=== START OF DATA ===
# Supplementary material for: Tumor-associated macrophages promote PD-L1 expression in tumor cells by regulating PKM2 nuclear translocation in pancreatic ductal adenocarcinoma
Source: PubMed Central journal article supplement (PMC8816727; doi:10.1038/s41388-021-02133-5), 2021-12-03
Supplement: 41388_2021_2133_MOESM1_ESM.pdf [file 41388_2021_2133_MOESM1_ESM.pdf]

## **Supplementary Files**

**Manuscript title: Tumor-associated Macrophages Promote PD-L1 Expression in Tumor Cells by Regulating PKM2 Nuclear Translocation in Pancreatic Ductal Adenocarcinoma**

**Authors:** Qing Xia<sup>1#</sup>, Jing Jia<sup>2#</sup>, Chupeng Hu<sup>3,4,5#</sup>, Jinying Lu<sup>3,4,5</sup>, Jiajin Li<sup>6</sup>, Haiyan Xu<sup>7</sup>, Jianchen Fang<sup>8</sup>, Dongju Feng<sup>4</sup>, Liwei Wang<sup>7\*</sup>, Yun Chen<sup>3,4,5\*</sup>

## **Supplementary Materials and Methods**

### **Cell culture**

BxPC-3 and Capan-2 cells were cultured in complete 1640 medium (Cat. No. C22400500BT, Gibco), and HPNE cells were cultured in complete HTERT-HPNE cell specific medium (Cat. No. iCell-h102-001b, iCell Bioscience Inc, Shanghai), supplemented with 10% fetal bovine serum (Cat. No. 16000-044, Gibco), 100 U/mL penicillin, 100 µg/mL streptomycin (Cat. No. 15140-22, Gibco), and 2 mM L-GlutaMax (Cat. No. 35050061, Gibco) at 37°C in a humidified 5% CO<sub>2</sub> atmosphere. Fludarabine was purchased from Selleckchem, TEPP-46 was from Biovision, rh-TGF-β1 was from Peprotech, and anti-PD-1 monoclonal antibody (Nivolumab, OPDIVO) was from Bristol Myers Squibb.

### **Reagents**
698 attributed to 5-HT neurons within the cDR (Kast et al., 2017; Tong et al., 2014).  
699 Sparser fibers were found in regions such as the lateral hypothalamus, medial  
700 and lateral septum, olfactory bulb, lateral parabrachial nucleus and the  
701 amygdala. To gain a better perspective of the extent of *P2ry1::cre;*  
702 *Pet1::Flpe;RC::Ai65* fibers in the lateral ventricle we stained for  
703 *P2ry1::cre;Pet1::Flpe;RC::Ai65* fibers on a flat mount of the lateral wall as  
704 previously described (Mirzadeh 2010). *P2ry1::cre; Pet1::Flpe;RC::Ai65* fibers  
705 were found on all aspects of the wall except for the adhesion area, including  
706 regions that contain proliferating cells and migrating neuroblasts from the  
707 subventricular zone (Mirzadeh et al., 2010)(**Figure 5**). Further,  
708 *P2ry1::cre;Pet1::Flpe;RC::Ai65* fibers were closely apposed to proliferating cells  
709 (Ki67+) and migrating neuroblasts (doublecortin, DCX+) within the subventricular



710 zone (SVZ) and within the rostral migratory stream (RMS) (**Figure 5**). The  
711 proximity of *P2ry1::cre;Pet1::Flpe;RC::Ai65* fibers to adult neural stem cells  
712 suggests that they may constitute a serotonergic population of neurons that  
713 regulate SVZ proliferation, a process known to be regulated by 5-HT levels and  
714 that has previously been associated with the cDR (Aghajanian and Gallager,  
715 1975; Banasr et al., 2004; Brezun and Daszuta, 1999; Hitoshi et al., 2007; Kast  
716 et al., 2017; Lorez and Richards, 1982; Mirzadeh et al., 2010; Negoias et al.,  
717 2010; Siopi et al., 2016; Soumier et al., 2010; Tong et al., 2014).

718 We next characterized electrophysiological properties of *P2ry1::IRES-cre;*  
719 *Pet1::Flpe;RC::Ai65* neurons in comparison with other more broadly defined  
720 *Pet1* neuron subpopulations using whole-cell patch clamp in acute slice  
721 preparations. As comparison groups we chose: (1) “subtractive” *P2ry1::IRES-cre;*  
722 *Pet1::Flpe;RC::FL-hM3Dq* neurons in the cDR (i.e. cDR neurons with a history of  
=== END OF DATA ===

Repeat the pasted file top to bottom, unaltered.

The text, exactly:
# Supplementary material for: Tumor-associated macrophages promote PD-L1 expression in tumor cells by regulating PKM2 nuclear translocation in pancreatic ductal adenocarcinoma
Source: PubMed Central journal article supplement (PMC8816727; doi:10.1038/s41388-021-02133-5), 2021-12-03
Supplement: 41388_2021_2133_MOESM1_ESM.pdf [file 41388_2021_2133_MOESM1_ESM.pdf]

## **Supplementary Files**

**Manuscript title: Tumor-associated Macrophages Promote PD-L1 Expression in Tumor Cells by Regulating PKM2 Nuclear Translocation in Pancreatic Ductal Adenocarcinoma**

**Authors:** Qing Xia<sup>1#</sup>, Jing Jia<sup>2#</sup>, Chupeng Hu<sup>3,4,5#</sup>, Jinying Lu<sup>3,4,5</sup>, Jiajin Li<sup>6</sup>, Haiyan Xu<sup>7</sup>, Jianchen Fang<sup>8</sup>, Dongju Feng<sup>4</sup>, Liwei Wang<sup>7\*</sup>, Yun Chen<sup>3,4,5\*</sup>

## **Supplementary Materials and Methods**

### **Cell culture**

BxPC-3 and Capan-2 cells were cultured in complete 1640 medium (Cat. No. C22400500BT, Gibco), and HPNE cells were cultured in complete HTERT-HPNE cell specific medium (Cat. No. iCell-h102-001b, iCell Bioscience Inc, Shanghai), supplemented with 10% fetal bovine serum (Cat. No. 16000-044, Gibco), 100 U/mL penicillin, 100 µg/mL streptomycin (Cat. No. 15140-22, Gibco), and 2 mM L-GlutaMax (Cat. No. 35050061, Gibco) at 37°C in a humidified 5% CO<sub>2</sub> atmosphere. Fludarabine was purchased from Selleckchem, TEPP-46 was from Biovision, rh-TGF-β1 was from Peprotech, and anti-PD-1 monoclonal antibody (Nivolumab, OPDIVO) was from Bristol Myers Squibb.

### **Reagents**
698 attributed to 5-HT neurons within the cDR (Kast et al., 2017; Tong et al., 2014).  
699 Sparser fibers were found in regions such as the lateral hypothalamus, medial  
700 and lateral septum, olfactory bulb, lateral parabrachial nucleus and the  
701 amygdala. To gain a better perspective of the extent of *P2ry1::cre;*  
702 *Pet1::Flpe;RC::Ai65* fibers in the lateral ventricle we stained for  
703 *P2ry1::cre;Pet1::Flpe;RC::Ai65* fibers on a flat mount of the lateral wall as  
704 previously described (Mirzadeh 2010). *P2ry1::cre; Pet1::Flpe;RC::Ai65* fibers  
705 were found on all aspects of the wall except for the adhesion area, including  
706 regions that contain proliferating cells and migrating neuroblasts from the  
707 subventricular zone (Mirzadeh et al., 2010)(**Figure 5**). Further,  
708 *P2ry1::cre;Pet1::Flpe;RC::Ai65* fibers were closely apposed to proliferating cells  
709 (Ki67+) and migrating neuroblasts (doublecortin, DCX+) within the subventricular



710 zone (SVZ) and within the rostral migratory stream (RMS) (**Figure 5**). The  
711 proximity of *P2ry1::cre;Pet1::Flpe;RC::Ai65* fibers to adult neural stem cells  
712 suggests that they may constitute a serotonergic population of neurons that  
713 regulate SVZ proliferation, a process known to be regulated by 5-HT levels and  
714 that has previously been associated with the cDR (Aghajanian and Gallager,  
715 1975; Banasr et al., 2004; Brezun and Daszuta, 1999; Hitoshi et al., 2007; Kast  
716 et al., 2017; Lorez and Richards, 1982; Mirzadeh et al., 2010; Negoias et al.,  
717 2010; Siopi et al., 2016; Soumier et al., 2010; Tong et al., 2014).

718 We next characterized electrophysiological properties of *P2ry1::IRES-cre;*  
719 *Pet1::Flpe;RC::Ai65* neurons in comparison with other more broadly defined  
720 *Pet1* neuron subpopulations using whole-cell patch clamp in acute slice  
721 preparations. As comparison groups we chose: (1) “subtractive” *P2ry1::IRES-cre;*  
722 *Pet1::Flpe;RC::FL-hM3Dq* neurons in the cDR (i.e. cDR neurons with a history of  